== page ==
Self-priming paint is one of the alternatives for solutions designed specifically for quick drying. But you can also use a latex primer if you prefer a separate primer instead of a two-in-one solution.

3. Avoid Applying Thick Coats

Since you want to shorten the time it takes for your primer to dry, you shouldn't apply too many coats because thick coats take longer to dry. Instead, you can use a light primer layer that dries considerably more quickly.

4. Open Your Doors and Windows

Image Credits: Home Depot

As discussed earlier, you can improve the airflow by opening your doors and windows as it will help the primer to dry more quickly.

5. Use a hairdryer

A hairdryer is useful if you can't wait for the primer to dry on its own. Set your hairdryer to the cold air setting and gently blow air over the primed surface. Remember to keep the hairdryer at least a foot away from your surface.

What is the Best Primer Application Method?

Primer application is most effective using a paint sprayer so use it if you have one. It will provide a thin, even coat that dries quicker than priming applied with a brush or roller.

Here is the best paint sprayer for fences for a smooth finish.

How Many Coats of Primer Should You Apply?

Image Credits: Homely Ville

We advise applying at least two coats to prime a heavily painted surface, stained wood, metal, or fresh drywall. Most manufacturers also recommend using two coats of primer before a top coat. This protects your surface and stops tannins, mold, and mildew from bleeding.

Applying Primer for the Quickest Drying Time

1. Essential Materials

  • Primer
  • Step ladder
  • Drop cloths
  • Painter's tape
  • A mask and safety goggles
  • Sandpaper where necessary
  • Brushes, rollers, a paint pan, or a spray painter
  • How to Apply Primer Step by Step for the Fastest Drying

2. Select and Buy a Primer

Image Credits: AZ Central

The type of primer to buy depends on the project. Be sure to buy enough for the entire project. Generally, one gallon is enough for about 250–400 square feet.

3. Get the Surface Ready

Repair any dents or holes and wait for the drywall compound to dry if you're priming drywall. Then, sand the mended areas with the sandpaper until they are flush with the rest of the wall.

Make sure to clean all surfaces made of concrete, brick, and wood before priming. Use a pressure washer for the finest results. Lightly sand the wood and make sure it is spotless and level.

4. Protect the Surrounding Area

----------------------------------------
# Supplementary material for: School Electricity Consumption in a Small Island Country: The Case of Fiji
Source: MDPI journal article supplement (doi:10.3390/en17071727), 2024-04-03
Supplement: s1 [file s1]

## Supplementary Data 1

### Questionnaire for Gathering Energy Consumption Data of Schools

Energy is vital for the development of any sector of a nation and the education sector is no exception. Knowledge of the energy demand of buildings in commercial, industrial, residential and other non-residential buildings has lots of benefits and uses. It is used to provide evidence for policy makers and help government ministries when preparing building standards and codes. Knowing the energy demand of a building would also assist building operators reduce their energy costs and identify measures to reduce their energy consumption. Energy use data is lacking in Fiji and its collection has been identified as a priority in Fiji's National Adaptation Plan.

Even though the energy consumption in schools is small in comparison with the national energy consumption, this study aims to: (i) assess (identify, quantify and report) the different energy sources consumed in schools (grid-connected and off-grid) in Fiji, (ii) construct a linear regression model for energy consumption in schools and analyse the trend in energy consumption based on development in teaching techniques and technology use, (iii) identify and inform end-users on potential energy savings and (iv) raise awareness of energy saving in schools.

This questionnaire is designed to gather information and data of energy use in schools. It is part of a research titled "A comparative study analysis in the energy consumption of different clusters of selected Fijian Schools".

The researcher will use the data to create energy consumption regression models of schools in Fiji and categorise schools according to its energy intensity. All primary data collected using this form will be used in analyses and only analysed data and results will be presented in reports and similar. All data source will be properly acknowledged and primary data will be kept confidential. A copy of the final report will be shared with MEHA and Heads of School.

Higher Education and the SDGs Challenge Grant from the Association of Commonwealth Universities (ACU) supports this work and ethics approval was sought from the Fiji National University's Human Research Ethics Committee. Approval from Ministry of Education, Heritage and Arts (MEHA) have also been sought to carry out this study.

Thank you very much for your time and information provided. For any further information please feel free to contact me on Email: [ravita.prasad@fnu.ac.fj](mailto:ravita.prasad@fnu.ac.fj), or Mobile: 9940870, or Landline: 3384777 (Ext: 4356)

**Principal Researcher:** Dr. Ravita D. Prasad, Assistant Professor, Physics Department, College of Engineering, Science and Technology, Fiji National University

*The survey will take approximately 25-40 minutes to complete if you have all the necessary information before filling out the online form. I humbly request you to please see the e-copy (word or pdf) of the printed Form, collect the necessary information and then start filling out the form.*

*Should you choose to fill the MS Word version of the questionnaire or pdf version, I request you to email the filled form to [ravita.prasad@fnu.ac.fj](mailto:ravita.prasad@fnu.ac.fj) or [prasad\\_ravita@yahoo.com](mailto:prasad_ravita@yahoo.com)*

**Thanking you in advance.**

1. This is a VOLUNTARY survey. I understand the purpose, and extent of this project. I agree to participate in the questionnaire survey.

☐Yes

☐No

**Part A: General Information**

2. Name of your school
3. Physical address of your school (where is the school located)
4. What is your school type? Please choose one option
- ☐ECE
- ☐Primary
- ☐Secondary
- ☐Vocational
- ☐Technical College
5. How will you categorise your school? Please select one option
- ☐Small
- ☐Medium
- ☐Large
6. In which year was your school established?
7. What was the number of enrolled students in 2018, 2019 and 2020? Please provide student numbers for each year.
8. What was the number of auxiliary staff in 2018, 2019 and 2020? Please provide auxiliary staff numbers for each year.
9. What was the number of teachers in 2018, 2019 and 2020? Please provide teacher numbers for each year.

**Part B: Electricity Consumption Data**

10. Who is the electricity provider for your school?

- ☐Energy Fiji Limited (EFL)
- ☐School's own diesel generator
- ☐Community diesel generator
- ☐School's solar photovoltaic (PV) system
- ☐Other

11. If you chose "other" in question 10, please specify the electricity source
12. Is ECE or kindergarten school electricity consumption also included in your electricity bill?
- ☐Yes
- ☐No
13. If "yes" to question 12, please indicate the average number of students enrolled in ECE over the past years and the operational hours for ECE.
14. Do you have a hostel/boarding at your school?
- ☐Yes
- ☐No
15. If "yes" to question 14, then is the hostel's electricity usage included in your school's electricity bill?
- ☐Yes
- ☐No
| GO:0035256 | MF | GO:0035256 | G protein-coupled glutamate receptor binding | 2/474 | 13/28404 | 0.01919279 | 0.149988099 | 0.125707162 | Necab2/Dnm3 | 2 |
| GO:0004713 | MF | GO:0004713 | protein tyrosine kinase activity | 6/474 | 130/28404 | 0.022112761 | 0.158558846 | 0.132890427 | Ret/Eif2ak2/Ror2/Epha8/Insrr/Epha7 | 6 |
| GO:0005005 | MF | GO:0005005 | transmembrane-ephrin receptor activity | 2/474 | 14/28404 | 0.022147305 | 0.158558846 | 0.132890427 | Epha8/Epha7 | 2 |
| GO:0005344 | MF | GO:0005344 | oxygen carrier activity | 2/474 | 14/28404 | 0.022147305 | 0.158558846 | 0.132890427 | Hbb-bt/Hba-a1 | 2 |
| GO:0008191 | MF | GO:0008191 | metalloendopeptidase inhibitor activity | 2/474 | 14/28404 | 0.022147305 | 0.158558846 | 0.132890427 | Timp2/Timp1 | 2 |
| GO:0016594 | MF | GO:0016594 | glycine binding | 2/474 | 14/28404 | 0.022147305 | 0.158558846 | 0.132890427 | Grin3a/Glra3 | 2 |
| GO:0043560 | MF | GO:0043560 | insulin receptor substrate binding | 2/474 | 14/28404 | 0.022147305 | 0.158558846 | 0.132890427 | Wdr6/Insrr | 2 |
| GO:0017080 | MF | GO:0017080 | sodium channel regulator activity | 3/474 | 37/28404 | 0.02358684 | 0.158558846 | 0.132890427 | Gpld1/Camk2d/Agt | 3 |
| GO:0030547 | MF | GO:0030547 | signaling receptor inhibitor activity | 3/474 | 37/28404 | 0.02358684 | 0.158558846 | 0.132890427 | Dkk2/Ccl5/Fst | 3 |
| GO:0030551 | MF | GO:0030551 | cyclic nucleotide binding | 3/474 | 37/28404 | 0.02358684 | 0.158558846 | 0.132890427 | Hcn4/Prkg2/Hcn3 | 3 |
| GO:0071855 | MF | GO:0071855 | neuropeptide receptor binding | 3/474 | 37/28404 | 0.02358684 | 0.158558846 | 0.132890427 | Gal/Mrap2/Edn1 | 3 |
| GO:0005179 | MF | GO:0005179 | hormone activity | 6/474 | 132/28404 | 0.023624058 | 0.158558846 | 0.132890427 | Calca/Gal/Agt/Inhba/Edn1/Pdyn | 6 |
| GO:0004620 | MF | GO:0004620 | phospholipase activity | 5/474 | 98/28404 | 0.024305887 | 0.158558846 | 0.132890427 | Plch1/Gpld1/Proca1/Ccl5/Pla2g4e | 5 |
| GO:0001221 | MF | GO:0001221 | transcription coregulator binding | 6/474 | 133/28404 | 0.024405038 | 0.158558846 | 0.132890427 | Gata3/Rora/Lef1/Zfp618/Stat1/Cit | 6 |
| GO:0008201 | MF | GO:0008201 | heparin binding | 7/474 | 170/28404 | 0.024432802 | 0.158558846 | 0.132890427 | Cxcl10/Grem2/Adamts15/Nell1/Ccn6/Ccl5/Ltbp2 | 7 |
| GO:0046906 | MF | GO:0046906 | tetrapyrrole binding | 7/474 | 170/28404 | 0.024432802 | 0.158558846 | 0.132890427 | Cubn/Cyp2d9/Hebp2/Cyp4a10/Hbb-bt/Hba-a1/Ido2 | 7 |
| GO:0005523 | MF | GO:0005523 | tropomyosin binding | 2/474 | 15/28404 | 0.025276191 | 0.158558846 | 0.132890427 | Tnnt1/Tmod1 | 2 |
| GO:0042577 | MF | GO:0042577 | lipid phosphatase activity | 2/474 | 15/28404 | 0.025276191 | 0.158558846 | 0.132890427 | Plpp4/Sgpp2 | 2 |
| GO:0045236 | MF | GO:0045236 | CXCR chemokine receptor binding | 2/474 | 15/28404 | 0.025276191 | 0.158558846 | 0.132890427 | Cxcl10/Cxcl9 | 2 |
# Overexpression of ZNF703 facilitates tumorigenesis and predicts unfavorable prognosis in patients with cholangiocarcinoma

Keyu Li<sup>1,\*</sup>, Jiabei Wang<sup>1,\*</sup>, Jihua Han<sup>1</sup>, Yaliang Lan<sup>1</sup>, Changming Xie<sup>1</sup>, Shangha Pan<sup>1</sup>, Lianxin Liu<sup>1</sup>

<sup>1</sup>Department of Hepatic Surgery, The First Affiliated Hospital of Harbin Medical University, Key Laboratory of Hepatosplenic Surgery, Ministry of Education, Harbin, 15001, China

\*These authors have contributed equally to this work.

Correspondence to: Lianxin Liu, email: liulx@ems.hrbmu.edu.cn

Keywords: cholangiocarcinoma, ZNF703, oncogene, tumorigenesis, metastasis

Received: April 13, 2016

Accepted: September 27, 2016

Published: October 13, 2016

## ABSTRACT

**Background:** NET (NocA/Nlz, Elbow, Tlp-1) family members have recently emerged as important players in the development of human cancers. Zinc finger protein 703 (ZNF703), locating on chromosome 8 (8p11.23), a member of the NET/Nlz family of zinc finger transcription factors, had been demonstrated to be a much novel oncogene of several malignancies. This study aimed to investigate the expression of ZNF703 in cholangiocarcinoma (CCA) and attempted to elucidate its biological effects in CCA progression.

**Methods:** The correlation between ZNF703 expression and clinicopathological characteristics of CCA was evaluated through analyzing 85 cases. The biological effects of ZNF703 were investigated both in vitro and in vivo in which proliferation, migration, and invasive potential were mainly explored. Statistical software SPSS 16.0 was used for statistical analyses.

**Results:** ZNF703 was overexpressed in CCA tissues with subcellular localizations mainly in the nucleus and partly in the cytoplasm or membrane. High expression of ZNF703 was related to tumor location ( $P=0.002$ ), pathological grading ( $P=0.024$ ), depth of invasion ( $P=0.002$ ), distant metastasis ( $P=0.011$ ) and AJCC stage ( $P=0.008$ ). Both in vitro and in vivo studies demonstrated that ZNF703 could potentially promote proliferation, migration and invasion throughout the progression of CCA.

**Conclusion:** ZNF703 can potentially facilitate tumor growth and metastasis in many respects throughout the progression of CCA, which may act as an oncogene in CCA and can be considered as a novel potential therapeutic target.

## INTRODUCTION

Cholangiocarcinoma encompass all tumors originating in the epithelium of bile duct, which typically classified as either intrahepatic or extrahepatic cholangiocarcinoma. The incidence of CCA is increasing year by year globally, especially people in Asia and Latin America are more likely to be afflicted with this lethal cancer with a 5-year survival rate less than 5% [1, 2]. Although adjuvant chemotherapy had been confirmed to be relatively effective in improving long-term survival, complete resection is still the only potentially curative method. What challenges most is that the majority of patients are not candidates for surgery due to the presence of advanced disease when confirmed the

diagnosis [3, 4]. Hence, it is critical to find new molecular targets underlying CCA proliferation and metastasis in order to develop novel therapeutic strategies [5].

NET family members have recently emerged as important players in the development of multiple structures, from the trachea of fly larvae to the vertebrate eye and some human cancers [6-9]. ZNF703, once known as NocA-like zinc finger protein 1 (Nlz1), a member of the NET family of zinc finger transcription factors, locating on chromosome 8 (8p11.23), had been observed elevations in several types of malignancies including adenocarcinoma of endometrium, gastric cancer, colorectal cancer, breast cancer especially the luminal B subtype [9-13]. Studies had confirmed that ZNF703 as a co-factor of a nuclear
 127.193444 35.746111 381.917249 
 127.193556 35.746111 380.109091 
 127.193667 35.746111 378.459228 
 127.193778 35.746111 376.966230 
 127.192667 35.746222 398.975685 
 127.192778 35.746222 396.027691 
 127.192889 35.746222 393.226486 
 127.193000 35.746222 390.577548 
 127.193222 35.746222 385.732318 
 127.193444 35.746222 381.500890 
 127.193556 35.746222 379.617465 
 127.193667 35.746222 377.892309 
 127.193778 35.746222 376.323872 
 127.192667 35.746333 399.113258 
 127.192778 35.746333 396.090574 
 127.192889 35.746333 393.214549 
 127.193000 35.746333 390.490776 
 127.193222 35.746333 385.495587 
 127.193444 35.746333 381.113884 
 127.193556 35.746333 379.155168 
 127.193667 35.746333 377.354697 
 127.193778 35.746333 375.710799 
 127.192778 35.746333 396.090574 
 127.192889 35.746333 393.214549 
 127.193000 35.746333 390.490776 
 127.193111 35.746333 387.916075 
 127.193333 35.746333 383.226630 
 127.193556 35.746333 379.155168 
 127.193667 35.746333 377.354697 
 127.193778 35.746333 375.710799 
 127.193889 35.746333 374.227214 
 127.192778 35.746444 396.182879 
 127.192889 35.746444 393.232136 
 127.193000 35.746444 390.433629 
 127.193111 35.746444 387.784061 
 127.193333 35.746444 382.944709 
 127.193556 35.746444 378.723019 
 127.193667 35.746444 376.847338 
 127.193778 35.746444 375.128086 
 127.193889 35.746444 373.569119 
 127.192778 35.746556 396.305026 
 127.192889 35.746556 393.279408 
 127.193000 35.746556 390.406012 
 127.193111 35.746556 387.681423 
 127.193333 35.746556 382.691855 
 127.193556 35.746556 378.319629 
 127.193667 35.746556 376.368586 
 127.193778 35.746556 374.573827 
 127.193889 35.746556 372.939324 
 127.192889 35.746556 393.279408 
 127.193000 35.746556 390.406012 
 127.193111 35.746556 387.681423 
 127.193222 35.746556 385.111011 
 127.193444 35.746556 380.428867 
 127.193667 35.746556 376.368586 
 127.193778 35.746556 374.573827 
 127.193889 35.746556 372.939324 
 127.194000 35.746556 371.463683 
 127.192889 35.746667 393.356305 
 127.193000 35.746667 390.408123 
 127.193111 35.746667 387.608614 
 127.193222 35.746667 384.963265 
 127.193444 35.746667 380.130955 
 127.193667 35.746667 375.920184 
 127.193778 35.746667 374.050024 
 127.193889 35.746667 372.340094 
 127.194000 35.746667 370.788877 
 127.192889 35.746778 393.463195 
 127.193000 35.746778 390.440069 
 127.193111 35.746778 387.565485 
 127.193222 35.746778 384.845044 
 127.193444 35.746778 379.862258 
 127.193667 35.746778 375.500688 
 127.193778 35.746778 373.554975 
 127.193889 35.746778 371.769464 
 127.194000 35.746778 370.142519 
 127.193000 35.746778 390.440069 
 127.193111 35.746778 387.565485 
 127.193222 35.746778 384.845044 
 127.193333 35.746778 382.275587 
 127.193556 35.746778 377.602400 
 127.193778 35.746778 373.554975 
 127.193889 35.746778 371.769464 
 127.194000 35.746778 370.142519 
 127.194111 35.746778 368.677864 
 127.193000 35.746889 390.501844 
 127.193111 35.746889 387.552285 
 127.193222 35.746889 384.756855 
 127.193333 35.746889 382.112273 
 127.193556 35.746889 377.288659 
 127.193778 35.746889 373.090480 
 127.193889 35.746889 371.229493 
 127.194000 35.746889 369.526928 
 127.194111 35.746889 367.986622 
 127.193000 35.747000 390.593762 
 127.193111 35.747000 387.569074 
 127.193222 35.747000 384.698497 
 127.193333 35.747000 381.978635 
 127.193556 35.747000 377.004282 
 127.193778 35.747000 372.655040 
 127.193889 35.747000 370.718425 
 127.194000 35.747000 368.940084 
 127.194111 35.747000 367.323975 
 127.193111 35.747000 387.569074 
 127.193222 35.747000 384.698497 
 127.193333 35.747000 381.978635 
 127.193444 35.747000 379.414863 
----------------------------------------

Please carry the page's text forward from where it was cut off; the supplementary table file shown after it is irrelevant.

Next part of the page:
Image Credits: Decor Expro

Place drop cloths around the area and use painter's tape to tape off any edges to shield the other surfaces from the primer.

5. Get Ready to Paint

Follow the instructions in the paint sprayer if you're using one. Many sprayers require diluting the primer with water before use. However, if you're applying primer with a brush and rollers, briefly wet the roller with water before applying the primer. Then, fill the pan with the primer.

6. Cut in the Corners and Edges

The word "cutting in" refers to painting the border—Prime all of the top, bottom, and sides of each corner with a brush. You can use a brush for the entire project, such as painting a piece of furniture if it is tiny.

7. Apply the Primer

Image Credits: Home Depot

Use your paint sprayer to practice applying the primer on a piece of cardboard until you are confident using the spray pattern and motion required. When you are at ease, step back and evenly spray the area.

If you're using a roller, dunk it in the primer first. Then, making a "W" shape, apply the primer to the area in an upward and downward motion. Reload the roller as you progress through the project when necessary.

8. Let the Primer Dry

Test the dryness of the primed area by softly touching it after 30 to 60 minutes. Make sure it is totally dry before adding another coat or painting.

9. Sand the Area

Image Credits: Popular Painter

Not all surfaces call for sanding. Instead, sand any rough areas of drywall or wood to obtain a smooth surface, and use a wet cloth to remove the dust.

10. Repeat as Necessary

Multiple primer coatings are necessary for some jobs. Evaluate your project if you think a second layer will help seal the surface.

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About the author

Brenda Nyawara

Brenda Nyawara is an editor at Archute. She is a graduate architect with a passion for edge-cutting ideas in design, fashion, art and modern world interests.